Regardless of whether one believes Santa Clara County Superior Court Judge Aaron Persky should be removed from office because of his past sentencing decisions in sexual assault cases, he won't be helped by his shady legal maneuver last week, in which he sued Santa Clara County to stop his own recall election.
Even if he is successful, which seems highly unlikely, the primary effect will be forcing the expenditure of taxpayer money for the county to defend itself against his lawsuit and then pay for an expensive special election caused by the delay resulting from his suit.
Persky's sudden legal maneuver occurred last Friday, the day after the county Registrar of Voters gave the final go-ahead to the recall petition drive, when he sought an injunction blocking the recall campaign from the very court on which he serves.
It is a tactic with only one possible objective: to tie up the recall effort in litigation and delay the election to remove him from office. According to the Registrar of Voters, if the courts do not resolve Persky's claims in the next two weeks, the county will be unable to meet the legal requirements for putting the recall on the regular June 5, 2018 ballot. This will likely force the county to hold a special election at substantially greater cost to county taxpayers. Earlier estimates by the Registrar of Voters pegged the cost of a special election at $6.9 million, compared to about $575,000 if held at the same time as a regular election. The cost difference led recall organizers to postpone their campaign and align it with the June election.
Persky's legal position, which is opposed by both the Secretary of State and Santa Clara County, argues that under the California Constitution only the Secretary of State can approve and oversee the recall of a local judge. He is demanding that the county halt the recall process and direct the recall organizers to the Secretary of State's office to begin anew.
He also argues that a successor judge candidate may not appear on the same ballot and be elected in the same election. Instead, if he were to be recalled by voters, he says, the law requires the governor to appoint his successor. The state Election Code and Secretary of State's manual on recall elections both contradict Persky's position.
Persky is grasping at straws, at taxpayers' expense. The Legislature, the courts, including the California Supreme Court, and the Secretary of State have developed extensive laws, policies and judicial interpretations that all run contrary to his arguments. He is asking the courts to rule that significant parts of the state Elections Code are unconstitutional and that established practices of county election officials which have been developed at the direction of the Legislature and Secretary of State, should be thrown out.
Persky does have one troubling factor working in his favor — he is a judge trying to derail the process for recalling judges in a case that will be decided by judges who are largely against judicial recalls. And not surprisingly, virtually all the judges in Santa Clara County, where Persky filed his lawsuit, have publicly committed their support to him in the recall election.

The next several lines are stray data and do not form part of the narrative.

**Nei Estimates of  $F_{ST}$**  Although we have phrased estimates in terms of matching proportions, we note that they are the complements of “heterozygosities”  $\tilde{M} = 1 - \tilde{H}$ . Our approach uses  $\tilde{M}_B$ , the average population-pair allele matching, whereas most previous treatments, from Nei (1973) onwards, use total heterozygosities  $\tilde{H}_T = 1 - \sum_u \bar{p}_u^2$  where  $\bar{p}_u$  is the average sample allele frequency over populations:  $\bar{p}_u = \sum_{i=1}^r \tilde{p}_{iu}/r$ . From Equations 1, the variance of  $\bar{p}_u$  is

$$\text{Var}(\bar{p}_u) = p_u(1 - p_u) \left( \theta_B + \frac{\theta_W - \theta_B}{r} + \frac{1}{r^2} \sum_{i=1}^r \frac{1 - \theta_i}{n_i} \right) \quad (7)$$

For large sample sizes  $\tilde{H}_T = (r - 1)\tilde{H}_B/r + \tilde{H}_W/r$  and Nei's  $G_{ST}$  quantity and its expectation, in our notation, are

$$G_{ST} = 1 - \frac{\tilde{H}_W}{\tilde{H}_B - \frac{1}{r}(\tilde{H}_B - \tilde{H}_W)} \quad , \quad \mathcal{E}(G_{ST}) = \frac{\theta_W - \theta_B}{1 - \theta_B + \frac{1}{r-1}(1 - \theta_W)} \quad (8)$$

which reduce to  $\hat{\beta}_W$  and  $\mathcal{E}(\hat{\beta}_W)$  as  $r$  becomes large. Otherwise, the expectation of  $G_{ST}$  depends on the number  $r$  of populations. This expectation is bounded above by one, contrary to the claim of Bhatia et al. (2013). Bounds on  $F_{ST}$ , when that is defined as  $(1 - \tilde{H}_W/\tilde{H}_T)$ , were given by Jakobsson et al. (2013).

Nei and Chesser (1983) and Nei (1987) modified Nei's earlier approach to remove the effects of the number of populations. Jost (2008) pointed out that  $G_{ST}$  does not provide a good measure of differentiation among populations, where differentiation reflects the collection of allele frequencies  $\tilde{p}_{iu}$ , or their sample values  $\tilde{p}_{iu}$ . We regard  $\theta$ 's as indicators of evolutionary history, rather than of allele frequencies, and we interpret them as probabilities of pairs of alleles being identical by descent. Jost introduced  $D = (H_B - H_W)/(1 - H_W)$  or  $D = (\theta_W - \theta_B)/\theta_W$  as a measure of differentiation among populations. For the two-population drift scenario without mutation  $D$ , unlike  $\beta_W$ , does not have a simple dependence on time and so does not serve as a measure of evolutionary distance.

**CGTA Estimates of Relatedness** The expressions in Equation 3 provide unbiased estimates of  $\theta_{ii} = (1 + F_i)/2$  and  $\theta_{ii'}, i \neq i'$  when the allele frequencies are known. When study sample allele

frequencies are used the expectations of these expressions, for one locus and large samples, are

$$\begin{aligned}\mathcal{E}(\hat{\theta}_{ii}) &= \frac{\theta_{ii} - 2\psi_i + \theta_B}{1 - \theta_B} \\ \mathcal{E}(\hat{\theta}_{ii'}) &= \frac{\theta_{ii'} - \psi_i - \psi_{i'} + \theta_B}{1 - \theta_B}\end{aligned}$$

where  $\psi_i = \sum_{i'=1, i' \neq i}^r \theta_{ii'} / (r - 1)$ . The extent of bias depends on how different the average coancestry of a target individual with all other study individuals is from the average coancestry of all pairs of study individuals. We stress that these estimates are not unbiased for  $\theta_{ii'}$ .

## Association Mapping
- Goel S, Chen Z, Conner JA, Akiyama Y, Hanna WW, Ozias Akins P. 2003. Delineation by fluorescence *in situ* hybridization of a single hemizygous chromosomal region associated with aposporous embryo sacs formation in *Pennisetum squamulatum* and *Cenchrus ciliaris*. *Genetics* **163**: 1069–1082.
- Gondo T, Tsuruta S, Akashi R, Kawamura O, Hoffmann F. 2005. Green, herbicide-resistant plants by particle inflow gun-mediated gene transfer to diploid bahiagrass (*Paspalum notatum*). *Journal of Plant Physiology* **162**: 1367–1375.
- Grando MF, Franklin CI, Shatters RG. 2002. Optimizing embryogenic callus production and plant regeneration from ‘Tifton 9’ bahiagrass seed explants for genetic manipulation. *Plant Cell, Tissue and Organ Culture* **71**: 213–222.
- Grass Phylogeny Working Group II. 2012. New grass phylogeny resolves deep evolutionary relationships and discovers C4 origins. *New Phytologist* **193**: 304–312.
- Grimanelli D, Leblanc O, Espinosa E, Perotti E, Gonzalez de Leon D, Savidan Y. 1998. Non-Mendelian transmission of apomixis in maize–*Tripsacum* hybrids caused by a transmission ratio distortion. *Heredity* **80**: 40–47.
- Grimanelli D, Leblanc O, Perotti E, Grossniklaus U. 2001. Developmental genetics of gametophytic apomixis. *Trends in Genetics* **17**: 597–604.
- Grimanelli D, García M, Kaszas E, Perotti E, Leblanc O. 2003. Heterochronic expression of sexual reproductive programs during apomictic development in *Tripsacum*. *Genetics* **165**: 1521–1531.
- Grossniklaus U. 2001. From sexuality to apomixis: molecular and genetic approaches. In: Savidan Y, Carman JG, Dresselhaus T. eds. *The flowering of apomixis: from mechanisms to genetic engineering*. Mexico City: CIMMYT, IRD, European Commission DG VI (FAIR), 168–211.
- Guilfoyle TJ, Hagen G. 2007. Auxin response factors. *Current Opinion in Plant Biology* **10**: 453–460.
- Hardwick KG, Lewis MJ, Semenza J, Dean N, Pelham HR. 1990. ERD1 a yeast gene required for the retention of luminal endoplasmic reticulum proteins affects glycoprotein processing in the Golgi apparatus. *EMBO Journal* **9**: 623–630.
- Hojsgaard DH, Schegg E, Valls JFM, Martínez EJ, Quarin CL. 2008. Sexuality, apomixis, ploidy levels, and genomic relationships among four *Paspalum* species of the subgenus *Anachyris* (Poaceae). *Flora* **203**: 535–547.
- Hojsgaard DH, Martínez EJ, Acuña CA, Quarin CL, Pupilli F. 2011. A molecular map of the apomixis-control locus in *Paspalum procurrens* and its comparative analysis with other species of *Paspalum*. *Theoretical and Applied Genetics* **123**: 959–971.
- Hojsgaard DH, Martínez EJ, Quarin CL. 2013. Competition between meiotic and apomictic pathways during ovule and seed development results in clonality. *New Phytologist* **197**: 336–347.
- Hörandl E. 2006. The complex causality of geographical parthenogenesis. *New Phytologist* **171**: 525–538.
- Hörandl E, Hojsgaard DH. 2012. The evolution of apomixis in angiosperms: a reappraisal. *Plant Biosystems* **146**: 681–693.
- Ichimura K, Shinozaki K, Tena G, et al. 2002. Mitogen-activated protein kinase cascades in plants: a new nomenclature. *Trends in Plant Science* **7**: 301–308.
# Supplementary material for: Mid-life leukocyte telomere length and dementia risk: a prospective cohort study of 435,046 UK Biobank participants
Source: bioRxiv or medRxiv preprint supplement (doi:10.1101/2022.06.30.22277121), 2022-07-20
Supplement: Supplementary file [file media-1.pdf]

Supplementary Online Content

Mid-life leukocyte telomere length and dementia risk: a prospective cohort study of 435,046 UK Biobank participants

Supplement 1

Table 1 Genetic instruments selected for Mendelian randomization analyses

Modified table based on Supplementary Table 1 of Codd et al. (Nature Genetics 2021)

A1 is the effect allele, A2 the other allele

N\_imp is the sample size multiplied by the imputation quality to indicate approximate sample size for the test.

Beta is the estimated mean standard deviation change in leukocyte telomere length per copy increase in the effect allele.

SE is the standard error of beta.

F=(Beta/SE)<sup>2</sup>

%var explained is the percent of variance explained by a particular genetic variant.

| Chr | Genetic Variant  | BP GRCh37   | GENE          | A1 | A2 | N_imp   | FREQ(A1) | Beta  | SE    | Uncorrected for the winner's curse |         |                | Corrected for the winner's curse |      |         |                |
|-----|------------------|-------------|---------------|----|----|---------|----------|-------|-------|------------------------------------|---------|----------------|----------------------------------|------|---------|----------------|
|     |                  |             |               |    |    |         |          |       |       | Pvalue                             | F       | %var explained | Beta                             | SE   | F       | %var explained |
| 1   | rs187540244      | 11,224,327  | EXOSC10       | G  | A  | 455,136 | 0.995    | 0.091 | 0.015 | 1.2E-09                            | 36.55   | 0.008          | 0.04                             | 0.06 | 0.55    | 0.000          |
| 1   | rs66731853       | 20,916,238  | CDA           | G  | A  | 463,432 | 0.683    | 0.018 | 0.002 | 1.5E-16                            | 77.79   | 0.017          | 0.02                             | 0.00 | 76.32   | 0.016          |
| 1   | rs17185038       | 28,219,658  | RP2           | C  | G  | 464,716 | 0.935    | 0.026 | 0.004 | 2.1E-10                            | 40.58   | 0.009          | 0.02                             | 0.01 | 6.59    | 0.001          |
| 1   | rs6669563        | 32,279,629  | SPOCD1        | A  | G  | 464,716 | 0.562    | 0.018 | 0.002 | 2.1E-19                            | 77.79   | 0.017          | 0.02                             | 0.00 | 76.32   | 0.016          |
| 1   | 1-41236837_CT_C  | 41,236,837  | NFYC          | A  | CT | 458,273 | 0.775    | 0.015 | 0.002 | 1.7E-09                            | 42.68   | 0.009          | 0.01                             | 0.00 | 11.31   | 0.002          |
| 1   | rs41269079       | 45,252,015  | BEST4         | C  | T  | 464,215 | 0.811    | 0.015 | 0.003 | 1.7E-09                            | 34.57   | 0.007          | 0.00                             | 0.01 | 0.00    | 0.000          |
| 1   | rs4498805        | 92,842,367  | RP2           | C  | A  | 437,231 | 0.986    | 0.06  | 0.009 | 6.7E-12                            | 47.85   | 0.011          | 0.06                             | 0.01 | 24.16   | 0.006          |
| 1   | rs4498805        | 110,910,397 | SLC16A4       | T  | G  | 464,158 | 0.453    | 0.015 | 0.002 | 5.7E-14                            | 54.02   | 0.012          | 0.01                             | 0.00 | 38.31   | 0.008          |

Persky's decision to raise constitutional objections to the established recall process therefore creates an unusual challenge for the courts and a chilling effect on other public officials, including the Registrar of Voters and the County Counsel, who must regularly work with judges and the courts on other matters.
With no judge in the county able to hear Persky's case, the court has brought in a retired Orange County judge who now lives in Santa Cruz to hear the matter. Last Friday, at Persky's request, she granted a temporary restraining order stopping the recall and ordering the halt of any signature-gathering. A full hearing will be next held next Wednesday, Aug. 23. The county has filed briefs opposing Persky.
For how little Persky has to gain from this legal challenge he risks further loss of support from voters. Especially damaging is his demand that the recall campaign be barred from gathering signatures until the case is adjudicated. One of the most fundamental rights of all citizens under the First Amendment is the right to petition the government for a redress of grievances, including the right to recall and remove elected officials.
Persky did not need to seek a court order halting the circulation of the approved recall petitions while he sought judicial review of his arguments. He could have left the question of the validity of signatures gathered until the court ruled on his claims. But by trying to shut down the petitioning, he demonstrated not only a desire to delay and disrupt the process and possible election but a lack of respect for one of the most important constitutional protections embodied in our Bill of Rights.
Between now and Sept. 1, by which time the county says it must have a court ruling or it will be unable to hold the recall election next June, we hope Judge Persky reconsiders this obstructionist strategy, drops his challenge and accepts the ultimate will of the citizens of Santa Clara County in a June 2018 election.
Originally published in the Palo Alto Weekly
By Palo Alto Weekly editorial board
Read the original article here.